The vision for reform is underpinned by five principles, which promote a set of values appearing to occupy the middle ground
Choice – Wherever possible we will increase choice.Decentralisation – Power should be decentralised to the lowest appropriate level.
Diversity – Public services should be open to a range of providers.
Fairness – We will ensure fair access to public services
Accountability – Public services should be accountable to users and taxpayers.
Of course. This is what we want. Or is it?
There is no shirking the reality of life for many people who make use of public services in Britain
today, and the White Paper makes reference to widespread inequalities in education, health and poverty. Addressing poverty and inequalities better is an avowed aim of the document.
Empowering people, putting them more in control is a central tenet across the centre ground of politics.
But what are the challenges for this vision of individual freedom to choose, collective opportunity to run our own services and real power to demand quality and value?
Well, first of all there is bound to be a certain scepticism in the air about the extent to which the private sector can be entrusted with our public services. As investors in Southern Cross walk away from an increasingly unprofitable sector, the White Paper suggests that health care should not be an area where 'profit' is be made. So how does the private sector engage in delivery of public services without the opportunity to make a profit? Which bank will lend to a private company without the prospect of profit?
We can't have our cake and eat it.
In social care local authorities have looked to drive down costs, to cope with increasing demand and reducing budgets. Squeezing profits will put people out of business. If care is not affordable in the public sector why do we think it will be in the private sector? Because it is more efficient, or because pay levels and quality will be driven down?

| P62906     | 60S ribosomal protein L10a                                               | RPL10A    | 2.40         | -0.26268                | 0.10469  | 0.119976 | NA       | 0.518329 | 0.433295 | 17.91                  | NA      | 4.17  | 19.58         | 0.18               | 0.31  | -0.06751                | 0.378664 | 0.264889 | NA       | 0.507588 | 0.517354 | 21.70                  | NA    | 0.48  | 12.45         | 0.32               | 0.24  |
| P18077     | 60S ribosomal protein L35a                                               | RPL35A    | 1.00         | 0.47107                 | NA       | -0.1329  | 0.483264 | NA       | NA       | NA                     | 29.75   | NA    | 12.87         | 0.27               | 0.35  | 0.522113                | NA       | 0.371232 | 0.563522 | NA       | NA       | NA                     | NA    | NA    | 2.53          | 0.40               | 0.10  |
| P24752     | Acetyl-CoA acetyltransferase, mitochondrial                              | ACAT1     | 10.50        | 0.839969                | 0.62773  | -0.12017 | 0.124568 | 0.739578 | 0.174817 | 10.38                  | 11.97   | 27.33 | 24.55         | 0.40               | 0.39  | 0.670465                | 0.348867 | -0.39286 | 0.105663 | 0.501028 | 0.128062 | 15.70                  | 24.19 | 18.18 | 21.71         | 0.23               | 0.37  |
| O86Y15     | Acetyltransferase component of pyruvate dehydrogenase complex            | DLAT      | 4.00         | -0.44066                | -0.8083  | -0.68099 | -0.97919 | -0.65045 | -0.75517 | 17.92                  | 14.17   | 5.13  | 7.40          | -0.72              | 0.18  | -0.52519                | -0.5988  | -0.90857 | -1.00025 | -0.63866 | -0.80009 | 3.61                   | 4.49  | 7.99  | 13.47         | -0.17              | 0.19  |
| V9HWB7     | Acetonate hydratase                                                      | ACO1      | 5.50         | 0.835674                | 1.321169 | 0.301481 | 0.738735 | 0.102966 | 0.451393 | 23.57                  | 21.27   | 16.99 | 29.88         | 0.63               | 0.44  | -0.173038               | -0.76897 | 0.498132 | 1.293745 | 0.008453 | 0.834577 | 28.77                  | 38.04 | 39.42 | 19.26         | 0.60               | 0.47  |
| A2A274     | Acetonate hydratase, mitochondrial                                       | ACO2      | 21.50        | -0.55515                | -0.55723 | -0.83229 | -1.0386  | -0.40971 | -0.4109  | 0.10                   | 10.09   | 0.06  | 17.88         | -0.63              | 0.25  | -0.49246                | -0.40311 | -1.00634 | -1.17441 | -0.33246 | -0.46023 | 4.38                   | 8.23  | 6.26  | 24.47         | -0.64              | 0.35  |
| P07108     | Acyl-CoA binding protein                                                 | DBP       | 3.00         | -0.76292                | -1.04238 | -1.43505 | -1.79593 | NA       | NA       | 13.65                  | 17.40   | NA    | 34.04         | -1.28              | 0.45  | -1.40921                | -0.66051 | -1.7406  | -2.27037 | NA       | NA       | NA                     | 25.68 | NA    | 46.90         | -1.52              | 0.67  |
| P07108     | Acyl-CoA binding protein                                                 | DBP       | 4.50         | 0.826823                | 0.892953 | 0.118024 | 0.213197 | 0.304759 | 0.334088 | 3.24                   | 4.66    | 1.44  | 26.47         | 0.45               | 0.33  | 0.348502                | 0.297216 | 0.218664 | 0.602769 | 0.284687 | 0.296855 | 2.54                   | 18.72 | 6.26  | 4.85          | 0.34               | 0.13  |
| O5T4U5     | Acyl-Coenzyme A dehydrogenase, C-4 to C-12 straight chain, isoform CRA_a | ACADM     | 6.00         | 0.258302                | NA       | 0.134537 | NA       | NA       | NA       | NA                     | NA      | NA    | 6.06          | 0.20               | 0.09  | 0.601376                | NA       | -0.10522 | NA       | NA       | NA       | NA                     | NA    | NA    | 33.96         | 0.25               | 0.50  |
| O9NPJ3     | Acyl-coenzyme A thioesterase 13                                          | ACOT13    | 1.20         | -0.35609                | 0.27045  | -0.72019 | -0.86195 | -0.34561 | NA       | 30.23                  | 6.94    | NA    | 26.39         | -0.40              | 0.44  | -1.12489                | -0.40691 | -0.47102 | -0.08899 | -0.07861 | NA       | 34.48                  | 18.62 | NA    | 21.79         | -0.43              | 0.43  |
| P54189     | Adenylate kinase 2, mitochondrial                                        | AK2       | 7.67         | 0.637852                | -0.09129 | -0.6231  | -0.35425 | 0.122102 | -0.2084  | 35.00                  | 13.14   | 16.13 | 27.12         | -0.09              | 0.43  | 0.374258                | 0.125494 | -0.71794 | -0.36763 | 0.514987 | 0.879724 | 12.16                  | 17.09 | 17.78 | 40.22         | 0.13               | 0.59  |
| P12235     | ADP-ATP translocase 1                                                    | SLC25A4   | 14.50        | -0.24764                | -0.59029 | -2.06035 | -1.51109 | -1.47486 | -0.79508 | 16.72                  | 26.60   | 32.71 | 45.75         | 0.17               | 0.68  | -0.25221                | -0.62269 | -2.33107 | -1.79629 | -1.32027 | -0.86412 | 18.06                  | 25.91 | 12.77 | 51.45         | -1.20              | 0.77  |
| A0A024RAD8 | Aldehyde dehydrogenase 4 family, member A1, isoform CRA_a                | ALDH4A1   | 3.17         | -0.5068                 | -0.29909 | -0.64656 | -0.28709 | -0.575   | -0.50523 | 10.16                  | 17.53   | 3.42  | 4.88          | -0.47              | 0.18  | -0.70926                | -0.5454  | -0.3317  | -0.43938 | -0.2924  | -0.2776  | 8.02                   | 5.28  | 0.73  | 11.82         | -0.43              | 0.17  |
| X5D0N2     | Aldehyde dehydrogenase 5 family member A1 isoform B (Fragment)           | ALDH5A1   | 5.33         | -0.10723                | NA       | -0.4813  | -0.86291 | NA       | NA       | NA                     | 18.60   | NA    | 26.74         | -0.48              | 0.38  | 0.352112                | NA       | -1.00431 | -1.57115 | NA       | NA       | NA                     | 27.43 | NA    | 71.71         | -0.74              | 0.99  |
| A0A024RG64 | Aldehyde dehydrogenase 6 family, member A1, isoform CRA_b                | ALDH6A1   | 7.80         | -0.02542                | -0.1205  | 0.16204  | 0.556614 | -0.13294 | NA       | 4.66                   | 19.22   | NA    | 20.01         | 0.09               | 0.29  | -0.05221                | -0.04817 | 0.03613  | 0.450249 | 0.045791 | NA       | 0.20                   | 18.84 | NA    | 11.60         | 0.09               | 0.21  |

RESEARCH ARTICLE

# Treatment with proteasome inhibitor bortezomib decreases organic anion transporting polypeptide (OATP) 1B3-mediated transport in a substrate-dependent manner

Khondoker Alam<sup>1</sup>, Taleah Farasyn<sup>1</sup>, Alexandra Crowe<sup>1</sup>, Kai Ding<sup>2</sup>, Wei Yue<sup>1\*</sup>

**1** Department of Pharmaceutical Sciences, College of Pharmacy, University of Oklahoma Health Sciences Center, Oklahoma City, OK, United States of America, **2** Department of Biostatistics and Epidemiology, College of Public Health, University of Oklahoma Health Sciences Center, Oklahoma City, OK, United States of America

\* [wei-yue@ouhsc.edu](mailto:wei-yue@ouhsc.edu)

Social enterprises, management and staff mutuals are held out as the middle way - a route to get public services out of political control and into the market, but with a human face. If these enterprises are to succeed, they have to be able to charge for quality, they have to have the resources to pay good staff. There are risks either way - they may not be able to compete with private providers who can drive costs down, or they cost as much as public services ever did.
I don't believe there is a holy grail or we would have found it.
Public services do not exist in neutral territory, they live in a political context. The White Paper talks about choice, but you have to deserve the service, you will have to need it , to qualify. It isn't the same choice as picking the make and model of your new car, nor should it be, but let's not overegg the amount of control we do have. For most people it isn't a choice to cross the country to have health treatment that is better and cheaper - the need to be supported by family and existing services is a massive drive to stay local. Choice is about always having a positive service, even if there is only one choice.
The poor are most in need of support from public services. The better off often find it easier to navigate the system and make better use of what's available in relative terms. This is why fair access is so important, and why we shouldn't have to rely on service users alone to hold services to account - this is the duty of our elected representatives at local and national level.
It's a complex picture, and one in which people across public services - whether delivering services directly or commissioning them from others are in a state of change. At The Open Channel we are supporting colleagues at the eye of this storm of change, people who are changing themselves and adapting to working not only in new ways but in completely new contexts. Our approach is to build on the strengths in people and organisations and to use those strengths to respond to the future, using techniques like Appreciative Inquiry and Action Learning
Our experience extends to every corner of public service delivery and includes experience in private, voluntary and community sector settings. We have deep and current networks in housing, health, social care, higher education, fire services, criminal justice, children's services to name just some of our areas of expertise.
The White Paper is a while coming, and it will give us plenty to do for some time to come. If you want to talk to us about your challenges, just get in touch